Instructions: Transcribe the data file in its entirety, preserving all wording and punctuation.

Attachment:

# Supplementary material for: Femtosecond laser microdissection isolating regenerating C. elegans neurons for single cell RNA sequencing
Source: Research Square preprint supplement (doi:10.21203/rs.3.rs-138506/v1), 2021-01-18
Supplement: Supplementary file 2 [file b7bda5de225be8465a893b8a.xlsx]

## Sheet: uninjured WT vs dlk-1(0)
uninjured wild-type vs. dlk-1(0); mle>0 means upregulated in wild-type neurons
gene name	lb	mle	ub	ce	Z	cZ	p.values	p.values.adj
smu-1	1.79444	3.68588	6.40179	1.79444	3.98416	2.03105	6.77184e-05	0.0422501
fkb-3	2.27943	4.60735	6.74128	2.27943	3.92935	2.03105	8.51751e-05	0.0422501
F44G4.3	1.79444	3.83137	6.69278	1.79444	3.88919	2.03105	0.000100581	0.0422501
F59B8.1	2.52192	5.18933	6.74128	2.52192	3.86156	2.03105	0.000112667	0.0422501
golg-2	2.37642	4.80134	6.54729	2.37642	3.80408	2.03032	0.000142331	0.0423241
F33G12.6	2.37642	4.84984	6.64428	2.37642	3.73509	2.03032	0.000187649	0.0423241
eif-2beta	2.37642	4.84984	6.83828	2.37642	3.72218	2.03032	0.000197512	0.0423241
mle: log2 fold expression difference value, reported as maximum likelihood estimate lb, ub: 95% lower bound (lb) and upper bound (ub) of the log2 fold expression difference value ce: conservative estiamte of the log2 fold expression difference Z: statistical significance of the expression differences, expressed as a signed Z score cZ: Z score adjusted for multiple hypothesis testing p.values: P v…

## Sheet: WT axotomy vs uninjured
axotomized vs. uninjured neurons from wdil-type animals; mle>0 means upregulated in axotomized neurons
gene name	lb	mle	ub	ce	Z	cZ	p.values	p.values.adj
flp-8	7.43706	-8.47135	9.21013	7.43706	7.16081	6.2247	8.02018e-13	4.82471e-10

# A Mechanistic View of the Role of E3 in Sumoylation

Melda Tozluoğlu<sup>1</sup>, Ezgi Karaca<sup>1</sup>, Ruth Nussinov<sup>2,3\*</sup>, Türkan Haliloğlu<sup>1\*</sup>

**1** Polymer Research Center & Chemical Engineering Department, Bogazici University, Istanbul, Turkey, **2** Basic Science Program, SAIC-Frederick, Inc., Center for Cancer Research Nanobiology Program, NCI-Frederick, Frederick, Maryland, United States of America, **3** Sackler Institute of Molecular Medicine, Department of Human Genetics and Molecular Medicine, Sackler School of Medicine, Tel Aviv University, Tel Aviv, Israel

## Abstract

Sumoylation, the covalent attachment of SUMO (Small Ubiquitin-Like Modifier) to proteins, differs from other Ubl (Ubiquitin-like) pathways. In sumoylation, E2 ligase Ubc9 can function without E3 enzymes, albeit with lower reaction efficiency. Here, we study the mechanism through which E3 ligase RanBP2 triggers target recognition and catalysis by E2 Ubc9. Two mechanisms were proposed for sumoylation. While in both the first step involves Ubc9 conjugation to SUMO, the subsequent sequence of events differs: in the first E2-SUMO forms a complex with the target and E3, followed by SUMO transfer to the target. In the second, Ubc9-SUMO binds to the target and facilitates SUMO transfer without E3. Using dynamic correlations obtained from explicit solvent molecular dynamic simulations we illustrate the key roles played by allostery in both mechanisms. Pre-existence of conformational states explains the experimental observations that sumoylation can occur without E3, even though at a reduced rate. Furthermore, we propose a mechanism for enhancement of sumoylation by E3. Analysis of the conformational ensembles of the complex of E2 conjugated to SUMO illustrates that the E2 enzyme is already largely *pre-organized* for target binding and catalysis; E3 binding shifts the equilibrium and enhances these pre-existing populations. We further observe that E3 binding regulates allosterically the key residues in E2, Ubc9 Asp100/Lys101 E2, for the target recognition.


# Supplementary material for: Femtosecond laser microdissection isolating regenerating C. elegans neurons for single cell RNA sequencing
Source: Research Square preprint supplement (doi:10.21203/rs.3.rs-138506/v1), 2021-01-18
Supplement: Supplementary file 2 [file b7bda5de225be8465a893b8a.xlsx]

## Sheet: uninjured WT vs dlk-1(0)
uninjured wild-type vs. dlk-1(0); mle>0 means upregulated in wild-type neurons
gene name	lb	mle	ub	ce	Z	cZ	p.values	p.values.adj
smu-1	1.79444	3.68588	6.40179	1.79444	3.98416	2.03105	6.77184e-05	0.0422501
fkb-3	2.27943	4.60735	6.74128	2.27943	3.92935	2.03105	8.51751e-05	0.0422501
F44G4.3	1.79444	3.83137	6.69278	1.79444	3.88919	2.03105	0.000100581	0.0422501
F59B8.1	2.52192	5.18933	6.74128	2.52192	3.86156	2.03105	0.000112667	0.0422501
golg-2	2.37642	4.80134	6.54729	2.37642	3.80408	2.03032	0.000142331	0.0423241
F33G12.6	2.37642	4.84984	6.64428	2.37642	3.73509	2.03032	0.000187649	0.0423241
eif-2beta	2.37642	4.84984	6.83828	2.37642	3.72218	2.03032	0.000197512	0.0423241
mle: log2 fold expression difference value, reported as maximum likelihood estimate lb, ub: 95% lower bound (lb) and upper bound (ub) of the log2 fold expression difference value ce: conservative estiamte of the log2 fold expression difference Z: statistical significance of the expression differences, expressed as a signed Z score cZ: Z score adjusted for multiple hypothesis testing p.values: P v…

## Sheet: WT axotomy vs uninjured
axotomized vs. uninjured neurons from wdil-type animals; mle>0 means upregulated in axotomized neurons
gene name	lb	mle	ub	ce	Z	cZ	p.values	p.values.adj
flp-8	7.43706	-8.47135	9.21013	7.43706	7.16081	6.2247	8.02018e-13	4.82471e-10

# A Mechanistic View of the Role of E3 in Sumoylation

Melda Tozluoğlu<sup>1</sup>, Ezgi Karaca<sup>1</sup>, Ruth Nussinov<sup>2,3\*</sup>, Türkan Haliloğlu<sup>1\*</sup>

**1** Polymer Research Center & Chemical Engineering Department, Bogazici University, Istanbul, Turkey, **2** Basic Science Program, SAIC-Frederick, Inc., Center for Cancer Research Nanobiology Program, NCI-Frederick, Frederick, Maryland, United States of America, **3** Sackler Institute of Molecular Medicine, Department of Human Genetics and Molecular Medicine, Sackler School of Medicine, Tel Aviv University, Tel Aviv, Israel

## Abstract

Sumoylation, the covalent attachment of SUMO (Small Ubiquitin-Like Modifier) to proteins, differs from other Ubl (Ubiquitin-like) pathways. In sumoylation, E2 ligase Ubc9 can function without E3 enzymes, albeit with lower reaction efficiency. Here, we study the mechanism through which E3 ligase RanBP2 triggers target recognition and catalysis by E2 Ubc9. Two mechanisms were proposed for sumoylation. While in both the first step involves Ubc9 conjugation to SUMO, the subsequent sequence of events differs: in the first E2-SUMO forms a complex with the target and E3, followed by SUMO transfer to the target. In the second, Ubc9-SUMO binds to the target and facilitates SUMO transfer without E3. Using dynamic correlations obtained from explicit solvent molecular dynamic simulations we illustrate the key roles played by allostery in both mechanisms. Pre-existence of conformational states explains the experimental observations that sumoylation can occur without E3, even though at a reduced rate. Furthermore, we propose a mechanism for enhancement of sumoylation by E3. Analysis of the conformational ensembles of the complex of E2 conjugated to SUMO illustrates that the E2 enzyme is already largely *pre-organized* for target binding and catalysis; E3 binding shifts the equilibrium and enhances these pre-existing populations. We further observe that E3 binding regulates allosterically the key residues in E2, Ubc9 Asp100/Lys101 E2, for the target recognition.